Back Button




Unsigned, but Attributed to: PAUL WAECHTER

c. 1890


Please Click On Any Picture for a Larger Version

XXXX microscope This is a Rappard (Engell) Type of Demonstration Microscope, probably by Paul Waechter. It is specifically designed to be used with both opaque and transparent objects. It accepts only standard size slides. The base is about 3.5 inches in diameter. It is about 8 inches high when in focus on a slide. It carries a 22 mm diameter eyepiece and a single 3-button objective. The Lieberkuhn reflector is about 2 3/16 inches(55 mm) in diameter. A knurled blackened locking ring can be used to lock the focus. The protective bottom cap has a small (3-4 mm) diameter opening in its center.


large and small Engellcombined Microscopes specifically marketed for the purpose of being a school or demonstration microscope can be traced to no later than the 1860's. Among the earliest was that invented by the Swiss citizen Conrad von Rappard, which was made by his company, Engell & Company, and subsequently distributed by Schaeffer & Budenberg in Germany. Variations included both a smaller version to accept small slides. as well as the larger one to accept standard 1 x 3 inch slides. These were initially only usable as a handheld instrument, but they were soon marketed with a base to replace the demonstration slide holder so that the instrument could also be used as a portable table microscope. These convertible versions had a fine focus added, in addition to the standard sliding coarse focus. Although the inventor was von Rappard, it is commonly referred to as an 'Engell' microscope. After Engell & Company and Schaeffer & Budenberg, ceased operations in the 1880's, the production of the Engell Microscope was apparently taken over by Paul Waechter, also in Germany. Sometimes these are referred to as Waechter types, but they were not invented by Waechter. These were exported from Germany and sold in the U.S.A. by Queen & Company with their own signature. Most signed by Queen were likely made by Waechter. Waechter called it their 'Demonstration, School and Salon Microscope' and they numbered it as their 'Stand VIII.'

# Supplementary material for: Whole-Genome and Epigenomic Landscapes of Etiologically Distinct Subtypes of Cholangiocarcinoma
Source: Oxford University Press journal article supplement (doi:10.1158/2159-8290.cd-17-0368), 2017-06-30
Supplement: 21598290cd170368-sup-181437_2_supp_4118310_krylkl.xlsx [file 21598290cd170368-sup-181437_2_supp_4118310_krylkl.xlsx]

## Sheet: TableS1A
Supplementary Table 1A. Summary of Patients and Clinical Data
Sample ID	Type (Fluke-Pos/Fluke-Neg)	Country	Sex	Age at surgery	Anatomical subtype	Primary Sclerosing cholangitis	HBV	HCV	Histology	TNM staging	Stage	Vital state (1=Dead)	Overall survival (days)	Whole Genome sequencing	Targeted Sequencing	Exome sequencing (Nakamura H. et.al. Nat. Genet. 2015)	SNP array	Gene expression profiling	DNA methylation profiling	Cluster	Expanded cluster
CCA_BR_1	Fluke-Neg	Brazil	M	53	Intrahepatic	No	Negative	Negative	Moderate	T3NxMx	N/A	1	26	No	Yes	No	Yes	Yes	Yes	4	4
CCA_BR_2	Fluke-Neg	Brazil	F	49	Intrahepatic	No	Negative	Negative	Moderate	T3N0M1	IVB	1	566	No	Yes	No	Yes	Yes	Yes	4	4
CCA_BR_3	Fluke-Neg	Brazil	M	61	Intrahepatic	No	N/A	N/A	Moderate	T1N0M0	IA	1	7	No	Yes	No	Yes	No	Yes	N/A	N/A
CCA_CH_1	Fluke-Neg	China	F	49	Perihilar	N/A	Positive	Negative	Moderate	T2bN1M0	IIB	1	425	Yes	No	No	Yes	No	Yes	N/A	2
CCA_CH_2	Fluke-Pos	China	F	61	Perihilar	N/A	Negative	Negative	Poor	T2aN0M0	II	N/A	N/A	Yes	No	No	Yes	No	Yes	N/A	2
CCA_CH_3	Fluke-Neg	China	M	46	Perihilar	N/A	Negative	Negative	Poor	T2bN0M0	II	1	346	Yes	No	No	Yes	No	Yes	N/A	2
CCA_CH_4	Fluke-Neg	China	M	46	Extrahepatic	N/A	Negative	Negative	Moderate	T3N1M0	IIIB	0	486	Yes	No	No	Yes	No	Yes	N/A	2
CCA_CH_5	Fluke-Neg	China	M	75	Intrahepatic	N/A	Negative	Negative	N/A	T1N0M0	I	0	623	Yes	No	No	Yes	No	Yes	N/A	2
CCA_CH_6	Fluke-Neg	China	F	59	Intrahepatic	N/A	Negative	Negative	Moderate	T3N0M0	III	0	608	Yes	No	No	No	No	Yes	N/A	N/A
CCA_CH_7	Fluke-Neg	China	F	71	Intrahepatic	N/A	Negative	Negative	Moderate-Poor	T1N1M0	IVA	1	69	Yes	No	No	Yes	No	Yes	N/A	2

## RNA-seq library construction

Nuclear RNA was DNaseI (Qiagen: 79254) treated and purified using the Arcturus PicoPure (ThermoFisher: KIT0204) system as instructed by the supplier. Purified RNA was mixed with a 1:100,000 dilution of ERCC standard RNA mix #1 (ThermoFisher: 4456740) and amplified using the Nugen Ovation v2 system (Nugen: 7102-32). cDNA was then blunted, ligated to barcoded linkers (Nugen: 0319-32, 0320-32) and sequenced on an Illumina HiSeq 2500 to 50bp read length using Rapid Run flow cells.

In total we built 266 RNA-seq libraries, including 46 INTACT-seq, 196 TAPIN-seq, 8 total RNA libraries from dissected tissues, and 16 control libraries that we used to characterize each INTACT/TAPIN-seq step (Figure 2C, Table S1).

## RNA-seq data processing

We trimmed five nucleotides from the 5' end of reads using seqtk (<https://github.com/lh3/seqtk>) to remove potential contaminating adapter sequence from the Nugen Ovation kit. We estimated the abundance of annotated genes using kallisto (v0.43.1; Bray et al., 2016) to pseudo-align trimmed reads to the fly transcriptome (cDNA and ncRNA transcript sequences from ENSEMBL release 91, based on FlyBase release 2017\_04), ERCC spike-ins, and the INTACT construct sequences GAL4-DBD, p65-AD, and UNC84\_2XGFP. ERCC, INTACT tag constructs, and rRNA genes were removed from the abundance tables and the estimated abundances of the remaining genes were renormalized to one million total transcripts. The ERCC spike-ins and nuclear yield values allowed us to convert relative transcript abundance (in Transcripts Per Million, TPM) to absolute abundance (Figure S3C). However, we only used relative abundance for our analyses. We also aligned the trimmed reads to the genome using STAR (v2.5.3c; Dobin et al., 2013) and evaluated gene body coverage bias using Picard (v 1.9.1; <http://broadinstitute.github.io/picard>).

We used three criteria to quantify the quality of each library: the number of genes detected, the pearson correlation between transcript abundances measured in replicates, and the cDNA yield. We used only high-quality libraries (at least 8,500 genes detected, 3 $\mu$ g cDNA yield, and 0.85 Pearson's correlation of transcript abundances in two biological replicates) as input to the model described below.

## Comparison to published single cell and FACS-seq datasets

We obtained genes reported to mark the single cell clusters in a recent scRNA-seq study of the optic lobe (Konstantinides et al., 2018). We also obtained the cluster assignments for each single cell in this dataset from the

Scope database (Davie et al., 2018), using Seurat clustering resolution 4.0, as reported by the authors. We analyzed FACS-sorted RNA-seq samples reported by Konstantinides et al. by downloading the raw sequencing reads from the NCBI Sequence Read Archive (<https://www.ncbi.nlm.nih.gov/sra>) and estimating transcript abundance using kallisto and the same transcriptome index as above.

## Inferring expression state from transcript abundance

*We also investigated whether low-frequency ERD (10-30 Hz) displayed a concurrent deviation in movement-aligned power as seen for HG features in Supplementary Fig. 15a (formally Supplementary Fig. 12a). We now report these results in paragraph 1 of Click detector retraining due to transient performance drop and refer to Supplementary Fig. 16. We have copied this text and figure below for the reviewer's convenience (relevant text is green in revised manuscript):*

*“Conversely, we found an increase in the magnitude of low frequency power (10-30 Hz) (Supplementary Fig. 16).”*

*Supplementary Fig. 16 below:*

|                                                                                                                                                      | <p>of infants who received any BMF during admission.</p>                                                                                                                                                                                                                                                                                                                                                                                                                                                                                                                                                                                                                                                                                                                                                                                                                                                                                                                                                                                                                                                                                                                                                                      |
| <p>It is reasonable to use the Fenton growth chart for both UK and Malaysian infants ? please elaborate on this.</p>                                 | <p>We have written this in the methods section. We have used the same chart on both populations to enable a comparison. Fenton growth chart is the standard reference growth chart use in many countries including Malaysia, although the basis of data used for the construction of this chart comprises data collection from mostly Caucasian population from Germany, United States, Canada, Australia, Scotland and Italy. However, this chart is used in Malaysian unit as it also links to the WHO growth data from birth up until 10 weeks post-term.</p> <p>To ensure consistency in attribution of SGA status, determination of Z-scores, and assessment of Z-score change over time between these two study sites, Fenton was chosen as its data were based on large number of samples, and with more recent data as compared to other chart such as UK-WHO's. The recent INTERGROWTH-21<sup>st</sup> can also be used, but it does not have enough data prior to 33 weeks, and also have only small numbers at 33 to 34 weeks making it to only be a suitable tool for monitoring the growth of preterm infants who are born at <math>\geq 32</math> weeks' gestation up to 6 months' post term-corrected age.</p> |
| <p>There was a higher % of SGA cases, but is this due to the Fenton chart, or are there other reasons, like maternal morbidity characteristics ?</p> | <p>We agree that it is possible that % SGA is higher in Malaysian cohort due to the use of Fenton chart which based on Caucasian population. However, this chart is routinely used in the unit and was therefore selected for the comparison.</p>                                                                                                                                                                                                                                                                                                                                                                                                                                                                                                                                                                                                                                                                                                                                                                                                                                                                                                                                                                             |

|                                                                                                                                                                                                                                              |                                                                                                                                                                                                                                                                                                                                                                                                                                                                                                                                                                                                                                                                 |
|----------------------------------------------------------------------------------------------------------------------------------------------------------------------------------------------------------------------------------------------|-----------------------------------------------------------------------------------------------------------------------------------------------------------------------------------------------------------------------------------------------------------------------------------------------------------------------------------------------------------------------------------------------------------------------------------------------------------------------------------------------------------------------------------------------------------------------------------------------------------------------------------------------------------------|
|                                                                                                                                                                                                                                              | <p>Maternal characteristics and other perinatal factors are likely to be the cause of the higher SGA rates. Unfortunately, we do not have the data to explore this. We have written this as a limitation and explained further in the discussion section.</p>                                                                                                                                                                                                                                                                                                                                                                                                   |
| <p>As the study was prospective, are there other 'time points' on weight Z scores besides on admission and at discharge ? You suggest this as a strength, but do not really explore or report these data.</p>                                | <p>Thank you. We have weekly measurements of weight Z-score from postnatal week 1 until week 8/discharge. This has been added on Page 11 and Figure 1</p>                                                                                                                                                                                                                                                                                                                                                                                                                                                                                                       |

We are deeply indebted to Dr Joseph Zeligs for the wonderful illustrations of the historical versions of these microscopes.

For more information about demonstration microscopes and their history the History of Demonstration Microscopes page.